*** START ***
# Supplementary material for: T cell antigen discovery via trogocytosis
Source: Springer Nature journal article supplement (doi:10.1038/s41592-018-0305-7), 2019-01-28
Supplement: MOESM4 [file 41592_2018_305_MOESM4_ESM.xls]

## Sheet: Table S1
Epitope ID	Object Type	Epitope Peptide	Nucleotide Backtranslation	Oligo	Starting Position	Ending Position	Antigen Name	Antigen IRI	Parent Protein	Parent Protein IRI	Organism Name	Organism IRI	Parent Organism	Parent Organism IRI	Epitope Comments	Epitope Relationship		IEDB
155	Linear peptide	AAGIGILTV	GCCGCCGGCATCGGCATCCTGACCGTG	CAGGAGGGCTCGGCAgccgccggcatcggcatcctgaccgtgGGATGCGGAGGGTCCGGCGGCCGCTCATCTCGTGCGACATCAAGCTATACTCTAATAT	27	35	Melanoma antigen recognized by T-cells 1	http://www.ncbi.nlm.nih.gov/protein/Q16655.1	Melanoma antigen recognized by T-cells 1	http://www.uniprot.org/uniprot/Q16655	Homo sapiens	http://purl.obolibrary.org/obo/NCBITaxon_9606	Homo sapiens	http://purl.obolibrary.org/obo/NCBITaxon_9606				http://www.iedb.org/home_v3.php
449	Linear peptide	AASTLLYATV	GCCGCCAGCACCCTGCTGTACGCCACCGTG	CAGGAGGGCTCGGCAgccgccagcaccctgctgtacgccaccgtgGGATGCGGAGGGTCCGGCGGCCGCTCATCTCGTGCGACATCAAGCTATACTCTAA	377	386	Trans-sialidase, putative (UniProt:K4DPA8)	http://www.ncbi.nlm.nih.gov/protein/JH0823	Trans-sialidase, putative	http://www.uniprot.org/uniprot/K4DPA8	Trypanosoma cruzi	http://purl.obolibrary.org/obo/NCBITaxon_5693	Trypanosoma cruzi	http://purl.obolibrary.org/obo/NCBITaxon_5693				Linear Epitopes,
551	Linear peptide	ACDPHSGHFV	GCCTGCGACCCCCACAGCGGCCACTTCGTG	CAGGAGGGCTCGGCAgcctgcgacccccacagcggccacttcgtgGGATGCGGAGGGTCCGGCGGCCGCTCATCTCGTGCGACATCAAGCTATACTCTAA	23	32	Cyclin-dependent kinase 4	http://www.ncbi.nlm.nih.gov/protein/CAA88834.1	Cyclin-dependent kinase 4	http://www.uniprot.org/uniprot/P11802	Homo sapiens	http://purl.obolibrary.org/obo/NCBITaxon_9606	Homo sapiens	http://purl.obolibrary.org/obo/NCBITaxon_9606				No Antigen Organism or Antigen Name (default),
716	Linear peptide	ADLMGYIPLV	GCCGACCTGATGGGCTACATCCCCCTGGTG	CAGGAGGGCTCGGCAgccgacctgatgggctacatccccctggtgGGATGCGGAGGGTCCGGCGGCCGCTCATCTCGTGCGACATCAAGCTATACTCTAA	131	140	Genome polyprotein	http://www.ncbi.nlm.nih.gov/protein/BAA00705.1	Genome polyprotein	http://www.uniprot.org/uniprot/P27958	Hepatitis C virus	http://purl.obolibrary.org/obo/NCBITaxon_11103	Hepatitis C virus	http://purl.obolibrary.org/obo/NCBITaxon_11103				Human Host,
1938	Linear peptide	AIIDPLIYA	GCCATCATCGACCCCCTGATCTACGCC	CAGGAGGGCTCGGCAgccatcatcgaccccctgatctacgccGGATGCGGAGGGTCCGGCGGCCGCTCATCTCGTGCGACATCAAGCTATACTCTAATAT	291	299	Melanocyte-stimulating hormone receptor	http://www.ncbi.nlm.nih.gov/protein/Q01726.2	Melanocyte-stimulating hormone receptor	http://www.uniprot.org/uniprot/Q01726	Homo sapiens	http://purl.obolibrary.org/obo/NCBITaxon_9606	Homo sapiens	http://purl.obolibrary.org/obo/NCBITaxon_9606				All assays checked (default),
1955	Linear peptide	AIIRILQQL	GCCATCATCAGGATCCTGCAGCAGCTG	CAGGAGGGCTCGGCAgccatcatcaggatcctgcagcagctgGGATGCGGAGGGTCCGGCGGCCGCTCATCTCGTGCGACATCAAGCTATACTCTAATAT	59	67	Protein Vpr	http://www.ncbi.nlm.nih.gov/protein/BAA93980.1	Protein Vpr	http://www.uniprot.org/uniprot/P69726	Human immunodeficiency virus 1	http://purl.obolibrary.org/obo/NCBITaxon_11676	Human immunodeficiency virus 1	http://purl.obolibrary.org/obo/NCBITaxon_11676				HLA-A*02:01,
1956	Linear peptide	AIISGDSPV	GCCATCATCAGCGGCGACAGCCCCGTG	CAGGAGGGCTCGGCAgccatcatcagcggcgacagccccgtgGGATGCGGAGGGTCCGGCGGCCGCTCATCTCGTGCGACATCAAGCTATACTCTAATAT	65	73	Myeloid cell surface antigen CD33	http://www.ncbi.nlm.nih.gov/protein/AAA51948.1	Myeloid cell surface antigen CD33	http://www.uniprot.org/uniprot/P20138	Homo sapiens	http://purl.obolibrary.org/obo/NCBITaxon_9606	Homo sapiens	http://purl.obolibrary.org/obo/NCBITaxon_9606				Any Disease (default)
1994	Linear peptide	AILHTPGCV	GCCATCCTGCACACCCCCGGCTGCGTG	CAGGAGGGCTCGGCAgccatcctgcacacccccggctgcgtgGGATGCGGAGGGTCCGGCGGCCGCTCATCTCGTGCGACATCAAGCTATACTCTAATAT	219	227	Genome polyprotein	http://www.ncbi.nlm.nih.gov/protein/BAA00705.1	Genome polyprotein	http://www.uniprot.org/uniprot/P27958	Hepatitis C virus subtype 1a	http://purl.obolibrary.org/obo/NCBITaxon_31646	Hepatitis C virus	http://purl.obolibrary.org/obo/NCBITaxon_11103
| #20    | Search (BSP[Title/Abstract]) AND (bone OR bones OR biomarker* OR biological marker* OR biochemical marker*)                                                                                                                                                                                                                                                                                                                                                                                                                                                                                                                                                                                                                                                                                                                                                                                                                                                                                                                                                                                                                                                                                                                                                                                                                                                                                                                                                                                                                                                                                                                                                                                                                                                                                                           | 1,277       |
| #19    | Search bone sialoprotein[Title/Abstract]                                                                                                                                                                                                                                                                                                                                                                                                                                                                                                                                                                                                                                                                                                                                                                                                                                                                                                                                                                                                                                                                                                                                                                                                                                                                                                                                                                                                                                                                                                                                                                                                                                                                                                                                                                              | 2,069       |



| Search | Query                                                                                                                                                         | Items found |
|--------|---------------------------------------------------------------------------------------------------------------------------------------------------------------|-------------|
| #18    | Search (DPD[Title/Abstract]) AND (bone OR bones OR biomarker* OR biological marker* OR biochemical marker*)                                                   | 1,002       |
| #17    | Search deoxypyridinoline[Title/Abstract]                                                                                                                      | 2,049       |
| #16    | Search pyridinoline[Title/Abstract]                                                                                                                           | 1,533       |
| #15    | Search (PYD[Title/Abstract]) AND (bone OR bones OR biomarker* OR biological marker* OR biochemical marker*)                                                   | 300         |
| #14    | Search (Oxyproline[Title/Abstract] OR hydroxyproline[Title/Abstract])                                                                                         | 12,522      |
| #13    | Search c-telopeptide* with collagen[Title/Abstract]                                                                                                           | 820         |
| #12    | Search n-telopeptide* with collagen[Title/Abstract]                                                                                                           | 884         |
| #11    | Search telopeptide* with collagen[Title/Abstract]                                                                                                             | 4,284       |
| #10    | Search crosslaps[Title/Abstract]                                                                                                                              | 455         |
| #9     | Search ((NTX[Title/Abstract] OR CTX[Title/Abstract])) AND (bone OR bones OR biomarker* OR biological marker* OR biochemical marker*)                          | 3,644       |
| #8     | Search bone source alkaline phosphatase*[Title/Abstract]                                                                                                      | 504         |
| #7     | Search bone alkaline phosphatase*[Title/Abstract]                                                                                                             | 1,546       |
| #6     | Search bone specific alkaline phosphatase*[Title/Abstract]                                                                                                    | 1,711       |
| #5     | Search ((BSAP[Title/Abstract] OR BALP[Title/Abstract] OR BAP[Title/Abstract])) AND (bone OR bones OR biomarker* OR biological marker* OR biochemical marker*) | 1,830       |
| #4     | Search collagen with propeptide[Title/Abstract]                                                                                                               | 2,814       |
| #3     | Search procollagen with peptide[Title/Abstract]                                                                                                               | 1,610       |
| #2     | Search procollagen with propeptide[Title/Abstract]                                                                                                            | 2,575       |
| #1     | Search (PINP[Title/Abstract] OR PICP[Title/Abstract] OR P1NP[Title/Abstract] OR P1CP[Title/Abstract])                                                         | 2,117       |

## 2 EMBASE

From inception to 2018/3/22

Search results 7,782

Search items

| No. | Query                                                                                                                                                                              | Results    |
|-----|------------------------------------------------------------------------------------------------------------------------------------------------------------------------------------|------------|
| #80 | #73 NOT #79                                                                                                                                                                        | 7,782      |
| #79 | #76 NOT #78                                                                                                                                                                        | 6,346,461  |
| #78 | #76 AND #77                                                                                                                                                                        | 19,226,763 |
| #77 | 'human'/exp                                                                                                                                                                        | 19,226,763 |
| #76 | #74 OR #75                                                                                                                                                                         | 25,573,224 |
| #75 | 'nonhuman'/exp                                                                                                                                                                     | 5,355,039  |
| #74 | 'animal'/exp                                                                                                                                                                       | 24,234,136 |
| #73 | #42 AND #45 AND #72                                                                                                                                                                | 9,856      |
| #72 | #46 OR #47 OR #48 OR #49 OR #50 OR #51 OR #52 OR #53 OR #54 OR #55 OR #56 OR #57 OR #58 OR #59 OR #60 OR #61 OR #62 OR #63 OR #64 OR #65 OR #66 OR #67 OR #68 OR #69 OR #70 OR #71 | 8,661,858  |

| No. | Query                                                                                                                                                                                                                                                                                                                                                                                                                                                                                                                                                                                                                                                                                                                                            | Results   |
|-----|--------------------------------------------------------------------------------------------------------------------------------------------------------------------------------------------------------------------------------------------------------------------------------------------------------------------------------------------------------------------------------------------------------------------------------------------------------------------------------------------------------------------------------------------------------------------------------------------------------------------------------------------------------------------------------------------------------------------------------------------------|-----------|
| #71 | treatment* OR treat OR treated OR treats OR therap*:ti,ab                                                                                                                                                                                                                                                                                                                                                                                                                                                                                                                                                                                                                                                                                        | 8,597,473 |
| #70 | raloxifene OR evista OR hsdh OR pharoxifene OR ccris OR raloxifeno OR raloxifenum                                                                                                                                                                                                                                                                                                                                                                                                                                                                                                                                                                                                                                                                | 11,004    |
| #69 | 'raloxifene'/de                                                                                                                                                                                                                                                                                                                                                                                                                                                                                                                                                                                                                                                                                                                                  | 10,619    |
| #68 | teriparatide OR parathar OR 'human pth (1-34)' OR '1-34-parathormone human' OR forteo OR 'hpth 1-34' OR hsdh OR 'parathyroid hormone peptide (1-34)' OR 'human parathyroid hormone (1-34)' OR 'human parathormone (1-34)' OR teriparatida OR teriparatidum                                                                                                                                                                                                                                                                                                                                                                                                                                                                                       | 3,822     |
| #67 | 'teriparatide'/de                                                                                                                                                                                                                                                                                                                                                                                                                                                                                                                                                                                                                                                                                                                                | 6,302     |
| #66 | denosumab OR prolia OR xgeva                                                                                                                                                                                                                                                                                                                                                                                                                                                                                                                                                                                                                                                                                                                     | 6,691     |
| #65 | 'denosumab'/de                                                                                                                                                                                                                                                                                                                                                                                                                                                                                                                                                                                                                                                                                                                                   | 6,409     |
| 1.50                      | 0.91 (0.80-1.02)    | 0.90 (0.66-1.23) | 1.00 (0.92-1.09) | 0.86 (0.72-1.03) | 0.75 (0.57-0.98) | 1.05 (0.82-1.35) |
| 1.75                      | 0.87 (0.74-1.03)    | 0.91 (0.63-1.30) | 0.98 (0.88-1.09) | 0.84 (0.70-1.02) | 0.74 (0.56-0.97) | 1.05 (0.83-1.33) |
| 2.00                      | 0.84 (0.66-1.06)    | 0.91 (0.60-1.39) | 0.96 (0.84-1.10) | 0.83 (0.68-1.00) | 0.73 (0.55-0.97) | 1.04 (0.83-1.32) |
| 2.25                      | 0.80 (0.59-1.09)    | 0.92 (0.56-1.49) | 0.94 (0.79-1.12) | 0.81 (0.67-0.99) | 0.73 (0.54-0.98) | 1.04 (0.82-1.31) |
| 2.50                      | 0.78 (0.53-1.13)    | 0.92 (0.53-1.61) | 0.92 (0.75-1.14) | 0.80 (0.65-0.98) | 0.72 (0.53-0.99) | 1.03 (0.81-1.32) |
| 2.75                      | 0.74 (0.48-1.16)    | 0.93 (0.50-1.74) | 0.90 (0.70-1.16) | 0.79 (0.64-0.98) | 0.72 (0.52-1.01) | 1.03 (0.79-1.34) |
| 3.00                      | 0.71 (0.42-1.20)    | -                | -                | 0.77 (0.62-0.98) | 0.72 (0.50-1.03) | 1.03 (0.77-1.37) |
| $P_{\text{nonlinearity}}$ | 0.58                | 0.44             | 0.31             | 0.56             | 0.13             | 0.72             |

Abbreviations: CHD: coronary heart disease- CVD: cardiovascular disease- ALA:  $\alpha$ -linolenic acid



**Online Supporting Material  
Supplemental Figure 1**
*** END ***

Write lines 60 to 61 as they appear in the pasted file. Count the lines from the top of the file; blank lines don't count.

| 1.50                      | 0.91 (0.80-1.02)    | 0.90 (0.66-1.23) | 1.00 (0.92-1.09) | 0.86 (0.72-1.03) | 0.75 (0.57-0.98) | 1.05 (0.82-1.35) |
| 1.75                      | 0.87 (0.74-1.03)    | 0.91 (0.63-1.30) | 0.98 (0.88-1.09) | 0.84 (0.70-1.02) | 0.74 (0.56-0.97) | 1.05 (0.83-1.33) |